Pinochet death prompts mixed reaction

Baroness Thatcher is said to be “greatly saddened” by the death of former Chilean dictator Augusto Pinochet – although the government’s response was more ambivalent.

The former Conservative prime minister was a supporter of the general and argued against his arrest in London in 1998, on charges of terrorism, genocide and torture.

Her spokesman said she would not be issuing a formal statement but sent her “deepest condolences” to the widow and family of the 91-year-old, who died this weekend in hospital in Santiago.

But foreign secretary Margaret Beckett’s response was more muted, reflecting the fact that it was the Labour government who ordered Pinochet be arrested eight years ago, although it allowed him to leave in 2000 on the grounds that he was too ill to stand trial.

“We note the passing of General Pinochet and want to pay tribute to the remarkable progress that Chile has made over the last 15 years as an open, stable and prosperous democracy,” Ms Beckett said.

Pinochet led the military coup that unseated the Socialist government of Salvador Allende in September 1973. A crackdown on dissenters followed, in which about 3,000 people are said to have been killed and thousands more tortured or exiled.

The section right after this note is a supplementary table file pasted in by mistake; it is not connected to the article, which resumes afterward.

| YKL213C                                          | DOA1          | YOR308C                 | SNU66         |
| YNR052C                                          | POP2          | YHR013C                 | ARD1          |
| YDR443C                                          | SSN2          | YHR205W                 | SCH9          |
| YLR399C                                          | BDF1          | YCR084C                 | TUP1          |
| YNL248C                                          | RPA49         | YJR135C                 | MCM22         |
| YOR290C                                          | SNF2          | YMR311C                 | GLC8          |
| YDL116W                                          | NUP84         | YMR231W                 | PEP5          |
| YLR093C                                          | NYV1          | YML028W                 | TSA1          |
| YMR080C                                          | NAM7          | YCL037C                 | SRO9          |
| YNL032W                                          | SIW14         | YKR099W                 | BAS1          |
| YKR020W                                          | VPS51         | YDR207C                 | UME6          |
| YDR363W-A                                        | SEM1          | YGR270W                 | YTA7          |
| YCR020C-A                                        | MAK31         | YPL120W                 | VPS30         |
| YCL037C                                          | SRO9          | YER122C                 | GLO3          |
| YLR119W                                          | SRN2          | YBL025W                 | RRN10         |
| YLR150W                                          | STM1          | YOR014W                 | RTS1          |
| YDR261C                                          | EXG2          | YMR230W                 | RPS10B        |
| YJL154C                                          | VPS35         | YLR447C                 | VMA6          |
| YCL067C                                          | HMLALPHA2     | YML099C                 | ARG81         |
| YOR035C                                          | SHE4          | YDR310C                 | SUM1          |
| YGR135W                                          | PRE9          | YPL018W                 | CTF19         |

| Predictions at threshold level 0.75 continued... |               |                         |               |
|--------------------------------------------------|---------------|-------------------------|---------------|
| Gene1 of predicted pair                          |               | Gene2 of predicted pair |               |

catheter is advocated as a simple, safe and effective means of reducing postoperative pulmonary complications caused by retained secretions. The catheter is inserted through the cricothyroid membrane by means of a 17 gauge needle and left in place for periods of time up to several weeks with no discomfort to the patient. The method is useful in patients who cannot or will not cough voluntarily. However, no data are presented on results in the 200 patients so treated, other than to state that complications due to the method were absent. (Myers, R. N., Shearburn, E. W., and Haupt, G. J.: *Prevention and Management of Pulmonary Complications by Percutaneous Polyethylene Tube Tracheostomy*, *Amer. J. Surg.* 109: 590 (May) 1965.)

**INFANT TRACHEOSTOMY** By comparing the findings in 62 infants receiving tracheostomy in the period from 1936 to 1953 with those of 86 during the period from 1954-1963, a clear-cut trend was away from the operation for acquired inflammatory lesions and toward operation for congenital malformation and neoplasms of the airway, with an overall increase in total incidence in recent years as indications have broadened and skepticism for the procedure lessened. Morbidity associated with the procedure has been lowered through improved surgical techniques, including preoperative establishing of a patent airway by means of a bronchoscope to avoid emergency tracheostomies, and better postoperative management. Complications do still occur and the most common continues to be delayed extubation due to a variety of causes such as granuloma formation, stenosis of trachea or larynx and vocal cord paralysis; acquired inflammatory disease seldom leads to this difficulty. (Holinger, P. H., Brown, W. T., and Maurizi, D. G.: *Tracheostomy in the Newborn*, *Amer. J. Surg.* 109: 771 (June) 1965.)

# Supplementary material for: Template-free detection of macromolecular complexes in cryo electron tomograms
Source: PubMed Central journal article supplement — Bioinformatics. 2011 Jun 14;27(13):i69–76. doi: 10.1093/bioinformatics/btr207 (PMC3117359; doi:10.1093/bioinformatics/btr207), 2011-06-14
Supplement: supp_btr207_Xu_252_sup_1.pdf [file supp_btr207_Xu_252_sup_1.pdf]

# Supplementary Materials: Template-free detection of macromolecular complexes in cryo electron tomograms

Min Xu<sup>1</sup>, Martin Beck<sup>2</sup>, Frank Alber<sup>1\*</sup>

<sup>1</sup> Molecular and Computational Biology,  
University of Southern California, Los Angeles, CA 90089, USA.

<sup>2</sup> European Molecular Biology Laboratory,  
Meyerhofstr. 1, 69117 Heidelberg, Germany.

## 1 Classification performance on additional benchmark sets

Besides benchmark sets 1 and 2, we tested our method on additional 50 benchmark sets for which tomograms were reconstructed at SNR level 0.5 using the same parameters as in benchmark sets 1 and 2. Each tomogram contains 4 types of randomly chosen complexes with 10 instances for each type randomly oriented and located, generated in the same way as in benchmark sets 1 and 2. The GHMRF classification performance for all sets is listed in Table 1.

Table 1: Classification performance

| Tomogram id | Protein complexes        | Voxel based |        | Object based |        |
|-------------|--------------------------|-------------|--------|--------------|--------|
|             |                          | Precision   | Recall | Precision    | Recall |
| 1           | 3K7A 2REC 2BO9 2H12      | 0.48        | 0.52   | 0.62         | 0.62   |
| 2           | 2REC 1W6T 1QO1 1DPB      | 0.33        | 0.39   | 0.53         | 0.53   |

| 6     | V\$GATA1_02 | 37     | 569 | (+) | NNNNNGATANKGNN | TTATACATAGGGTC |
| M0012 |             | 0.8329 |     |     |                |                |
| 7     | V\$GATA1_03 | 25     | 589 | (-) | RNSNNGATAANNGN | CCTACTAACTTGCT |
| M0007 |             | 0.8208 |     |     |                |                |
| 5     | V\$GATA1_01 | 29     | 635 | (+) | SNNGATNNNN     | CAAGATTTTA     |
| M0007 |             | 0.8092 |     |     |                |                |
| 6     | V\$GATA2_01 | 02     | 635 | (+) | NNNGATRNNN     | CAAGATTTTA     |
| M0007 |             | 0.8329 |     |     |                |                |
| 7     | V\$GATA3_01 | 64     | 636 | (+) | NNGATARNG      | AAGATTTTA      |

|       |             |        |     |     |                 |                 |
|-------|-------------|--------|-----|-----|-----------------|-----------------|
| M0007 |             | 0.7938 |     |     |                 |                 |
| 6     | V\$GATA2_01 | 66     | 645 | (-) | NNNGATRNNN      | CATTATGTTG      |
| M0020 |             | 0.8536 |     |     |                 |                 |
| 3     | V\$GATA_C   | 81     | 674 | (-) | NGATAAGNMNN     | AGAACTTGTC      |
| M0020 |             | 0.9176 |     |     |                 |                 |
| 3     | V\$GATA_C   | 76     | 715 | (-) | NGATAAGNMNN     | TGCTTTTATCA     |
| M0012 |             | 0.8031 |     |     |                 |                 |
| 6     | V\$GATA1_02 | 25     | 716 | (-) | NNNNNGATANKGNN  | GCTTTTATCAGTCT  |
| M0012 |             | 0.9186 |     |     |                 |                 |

He was a British ally until he lost power in 1990, and supported the country during the 1982 Falklands war with Argentina. When the Labour government ordered his arrest in London in 1998, Baroness Thatcher had tea with him to publicly show her support.

However, he was allowed to leave the UK in 2000, claiming he was too ill to face trial. The move was fiercely criticised but today Jack Straw, who was home secretary at the time, insisted he had no option but to send him home.

“I appointed four outside medical experts who I was told were among the toughest and the most experienced of forensic medical experts in the country,” he told Today.

“They presented me with clear and unanimous conclusions that Pinochet would be unfit to stand trial in the United Kingdom. In those circumstances I had no option but to release him.”

Mr Straw admitted he had been “pretty annoyed” when the general appeared to recover on his return to Chile, saying: “I wondered if not only I had been duped but also these four medical experts who were people who were trained to detect any deception.”

However, former Tory chancellor Lord Lamont told the same programme that General Pinochet should never have been arrested, both because the Chilean government opposed the move and because of the “unfortunate precedent” of arresting heads of state.

Noting that it was Spain which issued the charges against the general, he said: “Above all I felt this was a very difficult issue which Britain and Spain were not in a position to judge, Spain having not prosecuted a single person from the Franco era and Britain having produced amnesties and given ministerial posts to people who were terrorists.”

Lord Lamont added that if Pinochet had not come to power, Chile could have turned to communism and that would have altered the whole history of the Cold War.

But Amnesty International said: “Pinochet’s death should be a wake-up call for the authorities in Chile and for governments everywhere, reminding them of the importance of speedy justice for human rights crimes, something Pinochet himself has now escaped.”